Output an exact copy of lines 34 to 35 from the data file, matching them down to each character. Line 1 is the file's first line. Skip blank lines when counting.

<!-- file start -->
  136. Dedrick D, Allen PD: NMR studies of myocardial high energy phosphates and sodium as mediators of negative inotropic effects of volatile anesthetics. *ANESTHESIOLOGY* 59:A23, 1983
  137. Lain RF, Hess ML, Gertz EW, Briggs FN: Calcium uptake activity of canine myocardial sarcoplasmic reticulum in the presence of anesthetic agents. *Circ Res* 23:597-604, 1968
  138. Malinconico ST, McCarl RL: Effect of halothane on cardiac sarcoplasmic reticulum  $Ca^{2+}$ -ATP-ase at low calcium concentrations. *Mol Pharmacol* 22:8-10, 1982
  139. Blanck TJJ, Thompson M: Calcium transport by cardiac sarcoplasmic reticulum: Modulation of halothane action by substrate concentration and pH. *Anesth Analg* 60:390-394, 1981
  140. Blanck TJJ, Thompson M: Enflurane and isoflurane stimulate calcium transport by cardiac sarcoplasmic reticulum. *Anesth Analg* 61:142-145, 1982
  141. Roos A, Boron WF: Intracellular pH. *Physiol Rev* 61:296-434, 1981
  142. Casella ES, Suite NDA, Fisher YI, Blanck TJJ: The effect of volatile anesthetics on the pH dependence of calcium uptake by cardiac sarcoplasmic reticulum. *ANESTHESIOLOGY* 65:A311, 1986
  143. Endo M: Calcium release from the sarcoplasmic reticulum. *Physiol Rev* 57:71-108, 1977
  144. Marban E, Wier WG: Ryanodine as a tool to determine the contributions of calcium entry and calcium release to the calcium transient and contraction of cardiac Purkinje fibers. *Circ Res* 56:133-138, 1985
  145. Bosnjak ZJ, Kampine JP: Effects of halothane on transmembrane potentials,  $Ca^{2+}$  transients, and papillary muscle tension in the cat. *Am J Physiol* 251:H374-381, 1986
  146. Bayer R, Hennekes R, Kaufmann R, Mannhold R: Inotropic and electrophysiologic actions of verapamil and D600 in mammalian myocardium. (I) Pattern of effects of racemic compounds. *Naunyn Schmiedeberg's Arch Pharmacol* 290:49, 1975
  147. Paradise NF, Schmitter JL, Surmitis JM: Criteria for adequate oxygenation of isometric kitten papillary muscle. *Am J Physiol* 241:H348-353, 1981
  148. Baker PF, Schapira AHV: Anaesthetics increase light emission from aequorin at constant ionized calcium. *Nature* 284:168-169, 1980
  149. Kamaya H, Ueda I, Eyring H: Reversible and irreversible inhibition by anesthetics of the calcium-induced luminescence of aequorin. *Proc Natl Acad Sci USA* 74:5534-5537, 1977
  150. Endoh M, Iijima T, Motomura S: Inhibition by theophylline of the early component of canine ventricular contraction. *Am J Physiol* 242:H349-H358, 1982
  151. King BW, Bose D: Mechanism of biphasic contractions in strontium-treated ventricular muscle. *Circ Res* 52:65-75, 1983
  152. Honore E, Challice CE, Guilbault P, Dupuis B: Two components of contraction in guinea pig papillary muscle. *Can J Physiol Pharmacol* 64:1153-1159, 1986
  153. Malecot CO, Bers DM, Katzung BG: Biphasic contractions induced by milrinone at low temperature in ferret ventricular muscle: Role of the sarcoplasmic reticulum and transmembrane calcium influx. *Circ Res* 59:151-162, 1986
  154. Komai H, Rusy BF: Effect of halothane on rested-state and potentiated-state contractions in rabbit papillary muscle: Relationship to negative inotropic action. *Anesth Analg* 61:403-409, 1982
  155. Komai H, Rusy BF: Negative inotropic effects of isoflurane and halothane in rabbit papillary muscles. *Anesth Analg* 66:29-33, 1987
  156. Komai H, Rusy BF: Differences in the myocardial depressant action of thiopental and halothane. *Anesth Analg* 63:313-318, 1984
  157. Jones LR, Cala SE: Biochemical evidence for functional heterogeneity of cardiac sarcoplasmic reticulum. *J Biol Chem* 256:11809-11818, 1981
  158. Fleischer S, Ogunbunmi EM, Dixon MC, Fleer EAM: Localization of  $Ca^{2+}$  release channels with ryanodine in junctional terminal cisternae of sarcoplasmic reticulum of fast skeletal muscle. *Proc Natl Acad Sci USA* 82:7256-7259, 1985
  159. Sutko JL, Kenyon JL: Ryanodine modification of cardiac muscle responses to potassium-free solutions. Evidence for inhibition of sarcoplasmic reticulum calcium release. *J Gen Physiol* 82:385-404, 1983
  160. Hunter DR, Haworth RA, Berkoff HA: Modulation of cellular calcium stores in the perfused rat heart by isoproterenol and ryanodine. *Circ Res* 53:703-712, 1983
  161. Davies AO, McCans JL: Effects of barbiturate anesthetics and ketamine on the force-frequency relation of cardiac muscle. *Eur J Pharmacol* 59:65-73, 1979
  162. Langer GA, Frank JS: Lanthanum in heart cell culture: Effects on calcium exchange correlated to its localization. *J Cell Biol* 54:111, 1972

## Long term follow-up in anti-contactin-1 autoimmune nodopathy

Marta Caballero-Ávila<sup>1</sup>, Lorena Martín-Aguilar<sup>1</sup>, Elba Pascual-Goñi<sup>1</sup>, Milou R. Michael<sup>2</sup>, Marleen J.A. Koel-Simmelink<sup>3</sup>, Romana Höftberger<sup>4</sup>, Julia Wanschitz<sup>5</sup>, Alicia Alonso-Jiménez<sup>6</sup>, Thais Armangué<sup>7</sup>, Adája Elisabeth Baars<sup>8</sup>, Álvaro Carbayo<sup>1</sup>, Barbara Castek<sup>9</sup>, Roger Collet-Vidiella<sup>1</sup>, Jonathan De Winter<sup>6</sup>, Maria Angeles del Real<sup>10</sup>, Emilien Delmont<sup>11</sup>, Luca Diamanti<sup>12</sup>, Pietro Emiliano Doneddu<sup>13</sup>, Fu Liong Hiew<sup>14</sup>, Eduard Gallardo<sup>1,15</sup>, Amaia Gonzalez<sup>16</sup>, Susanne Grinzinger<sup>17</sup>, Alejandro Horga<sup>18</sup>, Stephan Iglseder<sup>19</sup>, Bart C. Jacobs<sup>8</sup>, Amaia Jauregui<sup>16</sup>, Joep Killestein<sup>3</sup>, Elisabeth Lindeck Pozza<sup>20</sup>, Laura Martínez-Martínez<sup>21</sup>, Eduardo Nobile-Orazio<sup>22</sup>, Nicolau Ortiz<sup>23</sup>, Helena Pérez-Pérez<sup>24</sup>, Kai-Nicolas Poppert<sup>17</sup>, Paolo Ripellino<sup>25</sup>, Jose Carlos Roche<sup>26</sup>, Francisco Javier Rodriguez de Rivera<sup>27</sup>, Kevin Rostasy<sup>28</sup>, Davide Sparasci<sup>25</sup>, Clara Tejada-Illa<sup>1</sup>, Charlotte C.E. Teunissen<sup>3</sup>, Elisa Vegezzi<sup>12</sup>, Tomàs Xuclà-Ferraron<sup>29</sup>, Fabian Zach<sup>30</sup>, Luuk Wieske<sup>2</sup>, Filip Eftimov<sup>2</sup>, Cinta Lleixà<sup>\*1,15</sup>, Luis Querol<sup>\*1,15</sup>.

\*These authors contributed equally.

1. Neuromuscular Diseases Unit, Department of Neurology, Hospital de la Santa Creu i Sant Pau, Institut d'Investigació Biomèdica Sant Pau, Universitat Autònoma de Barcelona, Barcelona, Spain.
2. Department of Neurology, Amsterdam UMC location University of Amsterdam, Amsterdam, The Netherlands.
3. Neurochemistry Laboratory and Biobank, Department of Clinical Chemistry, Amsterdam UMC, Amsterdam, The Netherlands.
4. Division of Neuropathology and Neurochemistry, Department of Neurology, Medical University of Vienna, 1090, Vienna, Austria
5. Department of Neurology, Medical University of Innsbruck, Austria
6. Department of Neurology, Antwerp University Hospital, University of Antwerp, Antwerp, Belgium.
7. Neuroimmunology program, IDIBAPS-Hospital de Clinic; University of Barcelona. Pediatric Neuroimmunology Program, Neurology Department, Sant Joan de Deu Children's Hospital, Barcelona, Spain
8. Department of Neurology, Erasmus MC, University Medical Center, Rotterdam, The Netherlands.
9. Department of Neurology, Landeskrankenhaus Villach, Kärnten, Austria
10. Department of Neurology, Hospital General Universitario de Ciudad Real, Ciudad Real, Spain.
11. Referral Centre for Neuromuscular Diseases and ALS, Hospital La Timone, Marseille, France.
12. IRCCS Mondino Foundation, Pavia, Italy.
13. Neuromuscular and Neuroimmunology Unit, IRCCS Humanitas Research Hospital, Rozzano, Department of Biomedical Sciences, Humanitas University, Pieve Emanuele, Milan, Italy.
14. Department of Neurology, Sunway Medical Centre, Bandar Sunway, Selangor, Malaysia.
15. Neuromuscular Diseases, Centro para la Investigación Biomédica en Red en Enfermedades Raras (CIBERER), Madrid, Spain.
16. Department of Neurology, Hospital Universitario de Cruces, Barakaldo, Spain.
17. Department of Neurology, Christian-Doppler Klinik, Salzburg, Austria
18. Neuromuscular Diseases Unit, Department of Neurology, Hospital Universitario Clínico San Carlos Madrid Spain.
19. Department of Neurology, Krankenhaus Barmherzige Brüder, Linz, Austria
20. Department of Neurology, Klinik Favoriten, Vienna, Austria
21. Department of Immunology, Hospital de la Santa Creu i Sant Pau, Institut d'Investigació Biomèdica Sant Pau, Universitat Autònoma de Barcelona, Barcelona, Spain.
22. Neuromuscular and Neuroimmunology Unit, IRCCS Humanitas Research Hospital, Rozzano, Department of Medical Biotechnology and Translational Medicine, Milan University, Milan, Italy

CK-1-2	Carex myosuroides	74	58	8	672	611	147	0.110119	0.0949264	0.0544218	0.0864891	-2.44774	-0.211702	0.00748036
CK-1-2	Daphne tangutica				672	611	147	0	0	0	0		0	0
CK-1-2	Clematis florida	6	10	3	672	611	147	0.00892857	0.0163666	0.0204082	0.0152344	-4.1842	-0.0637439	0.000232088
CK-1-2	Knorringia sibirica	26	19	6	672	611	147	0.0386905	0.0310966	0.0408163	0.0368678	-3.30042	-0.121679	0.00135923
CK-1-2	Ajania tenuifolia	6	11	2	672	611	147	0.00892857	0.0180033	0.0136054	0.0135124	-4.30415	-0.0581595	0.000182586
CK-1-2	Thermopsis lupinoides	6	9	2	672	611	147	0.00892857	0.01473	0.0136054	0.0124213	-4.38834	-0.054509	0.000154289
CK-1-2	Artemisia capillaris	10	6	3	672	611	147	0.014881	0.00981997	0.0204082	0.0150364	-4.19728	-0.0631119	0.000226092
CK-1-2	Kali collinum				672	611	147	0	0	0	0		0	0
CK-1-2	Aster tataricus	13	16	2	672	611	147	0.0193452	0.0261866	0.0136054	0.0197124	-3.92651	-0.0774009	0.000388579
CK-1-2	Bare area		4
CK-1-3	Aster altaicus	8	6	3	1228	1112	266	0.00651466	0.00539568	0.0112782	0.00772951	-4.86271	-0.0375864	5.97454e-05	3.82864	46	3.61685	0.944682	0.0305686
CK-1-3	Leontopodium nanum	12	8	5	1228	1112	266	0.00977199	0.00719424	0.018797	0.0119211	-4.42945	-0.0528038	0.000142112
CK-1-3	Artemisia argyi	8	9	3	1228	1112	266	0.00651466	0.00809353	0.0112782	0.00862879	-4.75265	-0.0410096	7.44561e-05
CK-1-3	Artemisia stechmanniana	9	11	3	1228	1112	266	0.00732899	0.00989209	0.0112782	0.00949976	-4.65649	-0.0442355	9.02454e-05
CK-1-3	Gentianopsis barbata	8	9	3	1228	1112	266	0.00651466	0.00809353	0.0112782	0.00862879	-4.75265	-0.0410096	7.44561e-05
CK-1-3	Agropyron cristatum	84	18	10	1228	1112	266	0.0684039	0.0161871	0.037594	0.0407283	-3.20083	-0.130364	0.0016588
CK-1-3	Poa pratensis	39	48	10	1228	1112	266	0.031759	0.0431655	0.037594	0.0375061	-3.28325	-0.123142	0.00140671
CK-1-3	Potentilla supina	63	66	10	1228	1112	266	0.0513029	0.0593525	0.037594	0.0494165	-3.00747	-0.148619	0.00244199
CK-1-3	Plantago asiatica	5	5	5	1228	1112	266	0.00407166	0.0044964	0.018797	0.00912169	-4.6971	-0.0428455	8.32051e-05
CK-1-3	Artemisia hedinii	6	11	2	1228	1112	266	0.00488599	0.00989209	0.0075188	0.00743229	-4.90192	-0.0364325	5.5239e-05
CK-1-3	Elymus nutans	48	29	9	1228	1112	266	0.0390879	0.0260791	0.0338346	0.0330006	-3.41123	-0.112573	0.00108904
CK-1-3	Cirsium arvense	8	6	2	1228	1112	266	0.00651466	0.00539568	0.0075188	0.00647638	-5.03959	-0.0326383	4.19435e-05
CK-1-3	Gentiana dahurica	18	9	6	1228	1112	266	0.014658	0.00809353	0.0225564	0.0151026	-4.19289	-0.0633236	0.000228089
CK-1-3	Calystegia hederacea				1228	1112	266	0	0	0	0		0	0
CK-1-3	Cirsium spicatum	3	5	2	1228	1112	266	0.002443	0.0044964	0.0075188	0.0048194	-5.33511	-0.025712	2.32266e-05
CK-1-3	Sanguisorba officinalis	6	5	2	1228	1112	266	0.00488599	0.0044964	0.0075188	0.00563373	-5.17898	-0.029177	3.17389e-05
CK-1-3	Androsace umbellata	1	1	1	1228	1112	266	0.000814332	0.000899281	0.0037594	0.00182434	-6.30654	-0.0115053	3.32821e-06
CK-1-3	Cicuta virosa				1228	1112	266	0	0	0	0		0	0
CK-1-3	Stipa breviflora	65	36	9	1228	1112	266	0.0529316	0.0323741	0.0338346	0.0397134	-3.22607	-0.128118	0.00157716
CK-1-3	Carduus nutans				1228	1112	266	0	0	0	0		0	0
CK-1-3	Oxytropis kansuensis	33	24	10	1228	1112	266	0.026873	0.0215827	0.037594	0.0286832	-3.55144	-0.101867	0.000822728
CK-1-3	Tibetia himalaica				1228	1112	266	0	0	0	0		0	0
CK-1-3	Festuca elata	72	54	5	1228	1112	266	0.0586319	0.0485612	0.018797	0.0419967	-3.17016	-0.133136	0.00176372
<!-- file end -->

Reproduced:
4. Division of Neuropathology and Neurochemistry, Department of Neurology, Medical University of Vienna, 1090, Vienna, Austria
5. Department of Neurology, Medical University of Innsbruck, Austria